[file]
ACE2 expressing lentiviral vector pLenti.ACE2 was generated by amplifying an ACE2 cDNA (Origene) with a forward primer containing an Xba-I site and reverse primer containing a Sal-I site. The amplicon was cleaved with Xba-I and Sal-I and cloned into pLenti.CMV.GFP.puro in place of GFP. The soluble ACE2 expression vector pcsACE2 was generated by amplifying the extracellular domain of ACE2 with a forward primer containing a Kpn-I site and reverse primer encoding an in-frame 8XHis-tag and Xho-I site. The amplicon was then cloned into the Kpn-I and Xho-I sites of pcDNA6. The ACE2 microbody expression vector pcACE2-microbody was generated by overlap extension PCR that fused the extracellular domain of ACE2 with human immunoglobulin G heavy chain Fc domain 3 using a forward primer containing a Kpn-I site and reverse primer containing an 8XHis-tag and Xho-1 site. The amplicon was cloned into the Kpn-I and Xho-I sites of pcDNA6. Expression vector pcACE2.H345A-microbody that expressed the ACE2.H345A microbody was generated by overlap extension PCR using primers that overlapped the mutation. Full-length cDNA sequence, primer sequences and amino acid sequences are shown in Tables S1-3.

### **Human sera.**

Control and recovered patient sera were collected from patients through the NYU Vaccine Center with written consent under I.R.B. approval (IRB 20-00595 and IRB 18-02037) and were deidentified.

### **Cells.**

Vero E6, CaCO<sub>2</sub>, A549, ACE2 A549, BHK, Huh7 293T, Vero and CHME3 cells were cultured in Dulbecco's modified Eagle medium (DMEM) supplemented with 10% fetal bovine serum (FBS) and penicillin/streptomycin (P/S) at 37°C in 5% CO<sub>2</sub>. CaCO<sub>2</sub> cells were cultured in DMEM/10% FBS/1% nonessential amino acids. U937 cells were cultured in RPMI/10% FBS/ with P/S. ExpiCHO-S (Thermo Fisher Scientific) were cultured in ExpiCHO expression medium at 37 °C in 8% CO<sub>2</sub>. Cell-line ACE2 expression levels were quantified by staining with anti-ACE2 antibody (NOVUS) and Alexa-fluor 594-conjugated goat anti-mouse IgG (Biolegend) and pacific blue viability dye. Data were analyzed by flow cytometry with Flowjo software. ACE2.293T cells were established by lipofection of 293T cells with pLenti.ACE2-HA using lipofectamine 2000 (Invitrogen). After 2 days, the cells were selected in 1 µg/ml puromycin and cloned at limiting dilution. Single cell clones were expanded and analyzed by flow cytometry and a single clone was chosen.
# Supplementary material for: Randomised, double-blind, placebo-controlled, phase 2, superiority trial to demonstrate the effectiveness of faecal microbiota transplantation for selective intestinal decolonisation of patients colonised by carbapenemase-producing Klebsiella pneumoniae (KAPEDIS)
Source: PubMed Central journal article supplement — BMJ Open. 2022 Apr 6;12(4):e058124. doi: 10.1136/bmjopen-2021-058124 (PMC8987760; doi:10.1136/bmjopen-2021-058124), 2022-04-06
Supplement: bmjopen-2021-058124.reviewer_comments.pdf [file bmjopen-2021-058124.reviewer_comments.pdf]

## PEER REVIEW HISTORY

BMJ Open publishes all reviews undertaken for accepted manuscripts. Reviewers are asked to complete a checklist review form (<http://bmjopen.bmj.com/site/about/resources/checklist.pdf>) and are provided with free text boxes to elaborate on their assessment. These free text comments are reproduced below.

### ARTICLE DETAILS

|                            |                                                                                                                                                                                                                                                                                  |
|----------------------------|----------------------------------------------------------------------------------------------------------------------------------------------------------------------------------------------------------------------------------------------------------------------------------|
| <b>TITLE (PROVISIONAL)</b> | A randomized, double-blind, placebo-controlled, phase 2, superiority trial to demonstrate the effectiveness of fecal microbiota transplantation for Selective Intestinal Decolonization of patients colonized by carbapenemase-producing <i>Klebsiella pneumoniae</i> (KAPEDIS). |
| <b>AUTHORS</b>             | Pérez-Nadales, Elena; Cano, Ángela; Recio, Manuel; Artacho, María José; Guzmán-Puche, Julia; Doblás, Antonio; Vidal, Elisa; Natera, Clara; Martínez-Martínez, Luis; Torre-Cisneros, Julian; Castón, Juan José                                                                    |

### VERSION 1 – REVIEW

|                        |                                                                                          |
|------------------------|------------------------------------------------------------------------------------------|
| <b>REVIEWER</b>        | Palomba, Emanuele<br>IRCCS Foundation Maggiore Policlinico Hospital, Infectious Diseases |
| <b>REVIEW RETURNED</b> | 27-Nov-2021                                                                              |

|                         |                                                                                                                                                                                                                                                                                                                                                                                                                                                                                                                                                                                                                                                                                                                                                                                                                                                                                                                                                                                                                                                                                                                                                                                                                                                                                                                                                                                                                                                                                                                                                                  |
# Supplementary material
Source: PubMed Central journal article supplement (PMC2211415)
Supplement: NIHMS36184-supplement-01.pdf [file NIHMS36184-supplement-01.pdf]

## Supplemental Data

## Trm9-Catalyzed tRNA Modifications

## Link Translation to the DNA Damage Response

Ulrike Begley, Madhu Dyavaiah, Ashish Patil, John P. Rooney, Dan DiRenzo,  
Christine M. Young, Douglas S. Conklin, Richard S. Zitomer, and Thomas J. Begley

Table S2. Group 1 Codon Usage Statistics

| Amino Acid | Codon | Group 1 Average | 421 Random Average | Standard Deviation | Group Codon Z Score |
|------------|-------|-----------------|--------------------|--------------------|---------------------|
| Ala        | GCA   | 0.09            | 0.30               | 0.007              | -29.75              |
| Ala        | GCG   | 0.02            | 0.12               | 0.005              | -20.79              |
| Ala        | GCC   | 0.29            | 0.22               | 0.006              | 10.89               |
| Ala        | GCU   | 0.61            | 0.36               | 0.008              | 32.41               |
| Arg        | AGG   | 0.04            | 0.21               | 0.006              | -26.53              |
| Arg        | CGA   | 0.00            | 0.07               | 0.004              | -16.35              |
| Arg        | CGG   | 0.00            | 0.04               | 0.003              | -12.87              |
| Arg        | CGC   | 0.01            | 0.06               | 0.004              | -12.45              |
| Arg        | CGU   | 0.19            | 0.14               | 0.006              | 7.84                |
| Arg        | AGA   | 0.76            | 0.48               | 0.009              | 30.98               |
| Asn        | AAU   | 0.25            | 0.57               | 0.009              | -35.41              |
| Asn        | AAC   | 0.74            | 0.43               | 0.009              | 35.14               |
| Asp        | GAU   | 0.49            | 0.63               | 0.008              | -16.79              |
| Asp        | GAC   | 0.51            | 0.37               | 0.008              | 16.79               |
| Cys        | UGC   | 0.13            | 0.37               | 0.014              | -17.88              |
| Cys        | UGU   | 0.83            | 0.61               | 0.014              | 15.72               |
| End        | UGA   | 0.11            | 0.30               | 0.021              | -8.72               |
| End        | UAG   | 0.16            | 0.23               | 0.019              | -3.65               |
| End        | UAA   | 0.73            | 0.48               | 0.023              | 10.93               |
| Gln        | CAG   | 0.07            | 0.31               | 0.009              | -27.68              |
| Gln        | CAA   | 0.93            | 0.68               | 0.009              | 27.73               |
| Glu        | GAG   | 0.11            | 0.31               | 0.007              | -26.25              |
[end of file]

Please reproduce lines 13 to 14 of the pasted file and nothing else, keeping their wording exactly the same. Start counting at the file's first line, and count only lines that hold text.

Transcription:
|----------------------------|----------------------------------------------------------------------------------------------------------------------------------------------------------------------------------------------------------------------------------------------------------------------------------|
| <b>TITLE (PROVISIONAL)</b> | A randomized, double-blind, placebo-controlled, phase 2, superiority trial to demonstrate the effectiveness of fecal microbiota transplantation for Selective Intestinal Decolonization of patients colonized by carbapenemase-producing <i>Klebsiella pneumoniae</i> (KAPEDIS). |